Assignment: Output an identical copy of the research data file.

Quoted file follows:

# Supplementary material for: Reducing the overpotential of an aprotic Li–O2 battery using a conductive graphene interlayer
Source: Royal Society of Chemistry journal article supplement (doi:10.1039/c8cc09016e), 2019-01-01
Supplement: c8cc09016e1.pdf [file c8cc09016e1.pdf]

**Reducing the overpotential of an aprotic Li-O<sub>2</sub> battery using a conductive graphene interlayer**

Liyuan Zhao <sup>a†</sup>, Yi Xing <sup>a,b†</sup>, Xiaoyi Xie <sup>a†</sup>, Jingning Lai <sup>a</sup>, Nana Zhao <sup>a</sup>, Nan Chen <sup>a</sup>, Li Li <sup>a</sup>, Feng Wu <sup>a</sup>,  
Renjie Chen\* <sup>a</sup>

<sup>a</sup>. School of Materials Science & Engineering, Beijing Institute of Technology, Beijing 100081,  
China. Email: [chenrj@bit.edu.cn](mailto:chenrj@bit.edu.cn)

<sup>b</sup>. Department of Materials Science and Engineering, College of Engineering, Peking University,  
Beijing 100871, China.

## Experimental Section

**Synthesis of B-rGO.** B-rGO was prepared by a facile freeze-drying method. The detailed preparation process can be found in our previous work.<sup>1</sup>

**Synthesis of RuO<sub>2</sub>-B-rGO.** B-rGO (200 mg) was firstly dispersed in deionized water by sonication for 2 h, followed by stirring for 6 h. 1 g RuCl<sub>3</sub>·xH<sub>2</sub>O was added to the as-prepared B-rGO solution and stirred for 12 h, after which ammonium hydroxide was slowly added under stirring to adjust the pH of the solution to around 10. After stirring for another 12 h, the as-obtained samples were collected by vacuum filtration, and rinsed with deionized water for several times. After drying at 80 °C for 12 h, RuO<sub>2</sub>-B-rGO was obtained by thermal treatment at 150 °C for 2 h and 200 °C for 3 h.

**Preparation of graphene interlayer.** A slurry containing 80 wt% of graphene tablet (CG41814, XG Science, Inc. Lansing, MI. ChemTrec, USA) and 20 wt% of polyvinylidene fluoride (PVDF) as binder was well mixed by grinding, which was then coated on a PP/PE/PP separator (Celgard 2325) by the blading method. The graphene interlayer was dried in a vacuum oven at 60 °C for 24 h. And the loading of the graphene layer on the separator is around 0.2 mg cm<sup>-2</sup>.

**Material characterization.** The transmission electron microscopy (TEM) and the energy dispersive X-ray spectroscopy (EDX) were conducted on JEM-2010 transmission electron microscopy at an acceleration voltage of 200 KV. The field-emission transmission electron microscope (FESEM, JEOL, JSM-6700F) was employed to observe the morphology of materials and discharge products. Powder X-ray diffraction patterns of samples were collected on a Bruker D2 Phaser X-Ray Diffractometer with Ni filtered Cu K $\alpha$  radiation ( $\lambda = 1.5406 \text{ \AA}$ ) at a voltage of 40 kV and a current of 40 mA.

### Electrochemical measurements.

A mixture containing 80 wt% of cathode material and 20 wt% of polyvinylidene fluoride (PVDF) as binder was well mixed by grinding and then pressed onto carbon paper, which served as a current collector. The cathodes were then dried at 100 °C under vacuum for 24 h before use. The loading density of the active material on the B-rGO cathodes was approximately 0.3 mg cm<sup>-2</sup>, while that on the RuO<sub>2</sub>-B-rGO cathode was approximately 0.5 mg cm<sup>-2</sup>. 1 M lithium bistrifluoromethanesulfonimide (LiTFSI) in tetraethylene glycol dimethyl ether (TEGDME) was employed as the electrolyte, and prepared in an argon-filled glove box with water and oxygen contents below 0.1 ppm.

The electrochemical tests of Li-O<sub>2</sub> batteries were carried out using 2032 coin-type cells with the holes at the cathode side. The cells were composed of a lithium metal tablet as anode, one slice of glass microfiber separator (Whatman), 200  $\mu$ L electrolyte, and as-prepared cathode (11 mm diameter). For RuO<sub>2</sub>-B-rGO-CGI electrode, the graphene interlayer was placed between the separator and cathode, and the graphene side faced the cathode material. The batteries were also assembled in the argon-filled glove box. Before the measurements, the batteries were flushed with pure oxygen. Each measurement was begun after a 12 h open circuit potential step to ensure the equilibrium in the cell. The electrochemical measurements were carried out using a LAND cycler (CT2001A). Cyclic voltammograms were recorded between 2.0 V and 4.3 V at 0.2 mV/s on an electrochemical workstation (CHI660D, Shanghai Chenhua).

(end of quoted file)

# Supplementary material for: Reducing the overpotential of an aprotic Li–O2 battery using a conductive graphene interlayer
Source: Royal Society of Chemistry journal article supplement (doi:10.1039/c8cc09016e), 2019-01-01
Supplement: c8cc09016e1.pdf [file c8cc09016e1.pdf]

**Reducing the overpotential of an aprotic Li-O<sub>2</sub> battery using a conductive graphene interlayer**

Liyuan Zhao <sup>a†</sup>, Yi Xing <sup>a,b†</sup>, Xiaoyi Xie <sup>a†</sup>, Jingning Lai <sup>a</sup>, Nana Zhao <sup>a</sup>, Nan Chen <sup>a</sup>, Li Li <sup>a</sup>, Feng Wu <sup>a</sup>,  
Renjie Chen\* <sup>a</sup>

<sup>a</sup>. School of Materials Science & Engineering, Beijing Institute of Technology, Beijing 100081,  
China. Email: [chenrj@bit.edu.cn](mailto:chenrj@bit.edu.cn)

<sup>b</sup>. Department of Materials Science and Engineering, College of Engineering, Peking University,  
Beijing 100871, China.

## Experimental Section

**Synthesis of B-rGO.** B-rGO was prepared by a facile freeze-drying method. The detailed preparation process can be found in our previous work.<sup>1</sup>

**Synthesis of RuO<sub>2</sub>-B-rGO.** B-rGO (200 mg) was firstly dispersed in deionized water by sonication for 2 h, followed by stirring for 6 h. 1 g RuCl<sub>3</sub>·xH<sub>2</sub>O was added to the as-prepared B-rGO solution and stirred for 12 h, after which ammonium hydroxide was slowly added under stirring to adjust the pH of the solution to around 10. After stirring for another 12 h, the as-obtained samples were collected by vacuum filtration, and rinsed with deionized water for several times. After drying at 80 °C for 12 h, RuO<sub>2</sub>-B-rGO was obtained by thermal treatment at 150 °C for 2 h and 200 °C for 3 h.

**Preparation of graphene interlayer.** A slurry containing 80 wt% of graphene tablet (CG41814, XG Science, Inc. Lansing, MI. ChemTrec, USA) and 20 wt% of polyvinylidene fluoride (PVDF) as binder was well mixed by grinding, which was then coated on a PP/PE/PP separator (Celgard 2325) by the blading method. The graphene interlayer was dried in a vacuum oven at 60 °C for 24 h. And the loading of the graphene layer on the separator is around 0.2 mg cm<sup>-2</sup>.

**Material characterization.** The transmission electron microscopy (TEM) and the energy dispersive X-ray spectroscopy (EDX) were conducted on JEM-2010 transmission electron microscopy at an acceleration voltage of 200 KV. The field-emission transmission electron microscope (FESEM, JEOL, JSM-6700F) was employed to observe the morphology of materials and discharge products. Powder X-ray diffraction patterns of samples were collected on a Bruker D2 Phaser X-Ray Diffractometer with Ni filtered Cu K $\alpha$  radiation ( $\lambda = 1.5406 \text{ \AA}$ ) at a voltage of 40 kV and a current of 40 mA.

### Electrochemical measurements.

A mixture containing 80 wt% of cathode material and 20 wt% of polyvinylidene fluoride (PVDF) as binder was well mixed by grinding and then pressed onto carbon paper, which served as a current collector. The cathodes were then dried at 100 °C under vacuum for 24 h before use. The loading density of the active material on the B-rGO cathodes was approximately 0.3 mg cm<sup>-2</sup>, while that on the RuO<sub>2</sub>-B-rGO cathode was approximately 0.5 mg cm<sup>-2</sup>. 1 M lithium bistrifluoromethanesulfonimide (LiTFSI) in tetraethylene glycol dimethyl ether (TEGDME) was employed as the electrolyte, and prepared in an argon-filled glove box with water and oxygen contents below 0.1 ppm.

The electrochemical tests of Li-O<sub>2</sub> batteries were carried out using 2032 coin-type cells with the holes at the cathode side. The cells were composed of a lithium metal tablet as anode, one slice of glass microfiber separator (Whatman), 200  $\mu$ L electrolyte, and as-prepared cathode (11 mm diameter). For RuO<sub>2</sub>-B-rGO-CGI electrode, the graphene interlayer was placed between the separator and cathode, and the graphene side faced the cathode material. The batteries were also assembled in the argon-filled glove box. Before the measurements, the batteries were flushed with pure oxygen. Each measurement was begun after a 12 h open circuit potential step to ensure the equilibrium in the cell. The electrochemical measurements were carried out using a LAND cycler (CT2001A). Cyclic voltammograms were recorded between 2.0 V and 4.3 V at 0.2 mV/s on an electrochemical workstation (CHI660D, Shanghai Chenhua).